The concept of public sphere can be narrowed down to the “set of practices members of a society use to communicate about matters they understand to be of public concern and that potentially require collective action or recognition” (177). This chapter argues that as a way to structure these practices, mass media has weaknesses: it offers no return loop from the edges to the core (feedback is local or one-to-one) and relies on a passive consumer culture. The Internet and the emerging networked information economy provide a better public platform.

Communication in the public sphere is structured not only by technical infrastructures, but also by modes of organization, economic models of production, culture (literacy, social egalitarianism, etc.), and institutions (legal frameworks, subsidies). For example, equivalent technical platforms were available in France, the UK and the US a century ago and later in the Soviet Union and Nazi Germany. Yet active public spheres did not always emerge (although repressive regimes may have one, if political opinions spread through networks) and when they did they varied in relative elitism (UK) or populism (US). There was also variation in who supported production hubs, whether it be the state (most countries), advertisers (CNN), combinations of both (BBC, CBC), civil society (party presses in Europe) or nonprofits (the Consumer Report in the US). These distinctions are helpful because they remind us that Internet access will not determine the new public sphere; human capital and agency as well as collective choices based on culture and institutions may well matter more.

Design Characteristics of A Communications Platform For a Liberal Public Platform or a Liberal Public Sphere

There are several basic characteristics of the public sphere necessary, in a wide range of democracies, to communicate private opinion and convert it into public, political opinion and later into formal state action:

  • Universal intake. This does not mean that every voice is heard and every concern debated and answered, but rather that in principle anyone's situation can be considered when someone believes it requires public attention.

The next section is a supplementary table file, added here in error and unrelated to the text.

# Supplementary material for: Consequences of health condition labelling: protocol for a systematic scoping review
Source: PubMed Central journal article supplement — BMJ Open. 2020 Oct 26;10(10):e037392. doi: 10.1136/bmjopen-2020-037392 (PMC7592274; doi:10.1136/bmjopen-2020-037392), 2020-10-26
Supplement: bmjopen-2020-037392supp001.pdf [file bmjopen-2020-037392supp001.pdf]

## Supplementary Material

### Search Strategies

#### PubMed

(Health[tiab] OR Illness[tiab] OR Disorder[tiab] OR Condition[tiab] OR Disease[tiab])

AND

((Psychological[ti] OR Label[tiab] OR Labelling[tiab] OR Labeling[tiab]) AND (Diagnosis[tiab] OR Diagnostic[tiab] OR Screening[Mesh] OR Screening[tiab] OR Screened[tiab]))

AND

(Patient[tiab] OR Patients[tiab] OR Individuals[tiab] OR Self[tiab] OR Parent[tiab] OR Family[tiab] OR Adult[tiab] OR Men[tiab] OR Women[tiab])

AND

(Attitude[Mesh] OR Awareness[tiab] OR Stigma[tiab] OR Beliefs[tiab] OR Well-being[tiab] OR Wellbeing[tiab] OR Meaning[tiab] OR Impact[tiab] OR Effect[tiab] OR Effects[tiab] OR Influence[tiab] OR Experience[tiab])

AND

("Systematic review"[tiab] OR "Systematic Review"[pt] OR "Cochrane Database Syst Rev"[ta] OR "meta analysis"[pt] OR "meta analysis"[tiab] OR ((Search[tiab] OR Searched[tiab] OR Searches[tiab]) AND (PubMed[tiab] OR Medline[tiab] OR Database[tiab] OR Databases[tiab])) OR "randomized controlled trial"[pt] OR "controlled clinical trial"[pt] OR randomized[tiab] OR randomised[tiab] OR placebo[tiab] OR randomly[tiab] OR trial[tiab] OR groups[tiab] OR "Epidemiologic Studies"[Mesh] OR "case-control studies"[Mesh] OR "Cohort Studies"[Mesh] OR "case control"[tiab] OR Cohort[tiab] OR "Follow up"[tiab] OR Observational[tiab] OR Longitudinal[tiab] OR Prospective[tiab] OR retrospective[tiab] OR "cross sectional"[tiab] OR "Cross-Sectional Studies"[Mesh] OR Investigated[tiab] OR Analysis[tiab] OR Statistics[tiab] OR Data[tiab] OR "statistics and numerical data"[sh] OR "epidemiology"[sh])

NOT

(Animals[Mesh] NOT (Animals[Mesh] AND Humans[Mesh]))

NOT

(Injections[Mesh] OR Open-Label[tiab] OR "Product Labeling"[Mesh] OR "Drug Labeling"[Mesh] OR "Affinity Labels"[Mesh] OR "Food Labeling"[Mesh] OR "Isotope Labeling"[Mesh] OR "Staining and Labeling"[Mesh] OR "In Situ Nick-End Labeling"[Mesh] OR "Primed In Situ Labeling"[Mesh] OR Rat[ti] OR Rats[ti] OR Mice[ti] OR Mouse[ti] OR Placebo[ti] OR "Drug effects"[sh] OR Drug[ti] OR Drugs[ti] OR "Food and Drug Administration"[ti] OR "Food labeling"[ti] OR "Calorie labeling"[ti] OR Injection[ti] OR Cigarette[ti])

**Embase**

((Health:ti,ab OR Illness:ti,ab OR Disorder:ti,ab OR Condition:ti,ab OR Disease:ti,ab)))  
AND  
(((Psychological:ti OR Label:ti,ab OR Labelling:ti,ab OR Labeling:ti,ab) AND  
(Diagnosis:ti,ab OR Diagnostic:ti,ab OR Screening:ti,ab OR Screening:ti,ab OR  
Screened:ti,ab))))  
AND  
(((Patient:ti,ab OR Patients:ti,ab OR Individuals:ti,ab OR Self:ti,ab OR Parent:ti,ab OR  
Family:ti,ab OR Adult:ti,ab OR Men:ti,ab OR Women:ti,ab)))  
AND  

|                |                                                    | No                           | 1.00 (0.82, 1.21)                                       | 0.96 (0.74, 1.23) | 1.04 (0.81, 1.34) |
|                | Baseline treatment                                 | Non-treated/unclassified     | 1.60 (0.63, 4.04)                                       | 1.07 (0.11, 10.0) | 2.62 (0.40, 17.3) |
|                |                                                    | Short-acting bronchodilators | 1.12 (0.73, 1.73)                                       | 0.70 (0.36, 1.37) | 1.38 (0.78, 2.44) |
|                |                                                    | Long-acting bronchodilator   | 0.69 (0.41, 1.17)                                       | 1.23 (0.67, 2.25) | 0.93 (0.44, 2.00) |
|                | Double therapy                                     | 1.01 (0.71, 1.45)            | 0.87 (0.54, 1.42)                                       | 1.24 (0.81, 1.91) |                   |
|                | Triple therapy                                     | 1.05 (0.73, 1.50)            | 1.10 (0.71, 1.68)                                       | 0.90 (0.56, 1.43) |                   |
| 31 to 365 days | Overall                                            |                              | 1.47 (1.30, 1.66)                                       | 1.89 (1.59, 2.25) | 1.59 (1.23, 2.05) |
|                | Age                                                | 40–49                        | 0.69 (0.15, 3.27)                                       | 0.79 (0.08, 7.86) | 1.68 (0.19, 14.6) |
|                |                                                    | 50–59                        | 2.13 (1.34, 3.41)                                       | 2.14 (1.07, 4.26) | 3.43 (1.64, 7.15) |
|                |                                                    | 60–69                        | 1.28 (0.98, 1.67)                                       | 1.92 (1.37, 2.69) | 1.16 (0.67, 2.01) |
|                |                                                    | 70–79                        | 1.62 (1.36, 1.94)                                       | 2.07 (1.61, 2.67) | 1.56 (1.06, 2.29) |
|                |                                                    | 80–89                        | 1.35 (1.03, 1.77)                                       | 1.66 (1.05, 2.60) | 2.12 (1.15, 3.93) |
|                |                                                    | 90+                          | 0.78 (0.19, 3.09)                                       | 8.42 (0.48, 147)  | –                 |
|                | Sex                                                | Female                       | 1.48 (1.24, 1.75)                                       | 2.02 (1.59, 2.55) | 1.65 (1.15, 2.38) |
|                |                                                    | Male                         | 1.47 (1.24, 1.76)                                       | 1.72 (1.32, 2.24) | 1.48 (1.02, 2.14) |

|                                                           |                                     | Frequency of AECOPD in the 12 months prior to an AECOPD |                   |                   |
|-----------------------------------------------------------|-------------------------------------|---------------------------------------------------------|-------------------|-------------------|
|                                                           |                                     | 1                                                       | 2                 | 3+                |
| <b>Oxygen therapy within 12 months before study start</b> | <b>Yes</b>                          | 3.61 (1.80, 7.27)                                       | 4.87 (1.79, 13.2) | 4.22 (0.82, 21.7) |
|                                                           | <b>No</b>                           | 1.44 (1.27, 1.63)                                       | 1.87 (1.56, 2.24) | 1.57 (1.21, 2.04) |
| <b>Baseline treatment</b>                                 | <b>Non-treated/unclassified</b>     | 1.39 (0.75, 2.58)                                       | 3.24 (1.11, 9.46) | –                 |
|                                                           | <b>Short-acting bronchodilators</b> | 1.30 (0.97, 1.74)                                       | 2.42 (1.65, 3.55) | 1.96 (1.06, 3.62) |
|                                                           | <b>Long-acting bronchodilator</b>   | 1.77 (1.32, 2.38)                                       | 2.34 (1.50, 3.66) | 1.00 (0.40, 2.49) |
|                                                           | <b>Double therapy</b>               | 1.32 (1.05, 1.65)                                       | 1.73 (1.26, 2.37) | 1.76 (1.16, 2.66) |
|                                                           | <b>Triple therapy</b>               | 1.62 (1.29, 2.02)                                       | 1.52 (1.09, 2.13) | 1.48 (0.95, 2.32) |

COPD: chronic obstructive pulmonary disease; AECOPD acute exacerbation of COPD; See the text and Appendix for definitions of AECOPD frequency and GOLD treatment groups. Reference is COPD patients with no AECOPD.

• Filtering for potential political relevance. This is necessary so that the public can focus on important issues.
  • Filtering for accreditation. This ensures that the information communicated is credible.
  • Synthesis of public opinion. What counts as public opinion varies between and among deliberative conceptions and pluralist conceptions of democracy, but some combination of clusters of individual opinion is essential.
  • Independence from governmental control. Though the government can participate in explicit conversations and the administration receives instructions from their output, neither controls the platform itself.

The first and last requirements are the most controversial, for they raise the issue of so-called authoritarian public spheres. Benkler begins this section with Harbermas' descriptive definition of a public sphere and asserts that it can be liberal or authoritarian. The difference is that people in the idealized Athenian agora or New England town halls express, listen to and evaluate proposals, facts, concerns and opinions with complete freedom, while in authoritarian regimes “communications are regimented and controlled by the government in order to achieve acquiescence and to mobilize support” (181). In both cases at least some private opinions are communicated and converted into state action.

Yet when Benkler sets out to define the above criteria (182), he only has "a wide range of conceptions of democracy" in mind, not authoritarian regimes where the public sphere may be partially independent and theoretically universal. It thus seems to make little sense to speak of authoritarian public spheres; in fact, regimes that allow a political, public opinion to form and to influence or “convert into” state action are usually considered democratic. But the extent to which they do so is difficult to assess, since sophisticated executives in any regime both listen to public opinion and retain their own agenda (See Case Studies below).

The Emergence of the Commercial Mass-Media Platform for the Public Sphere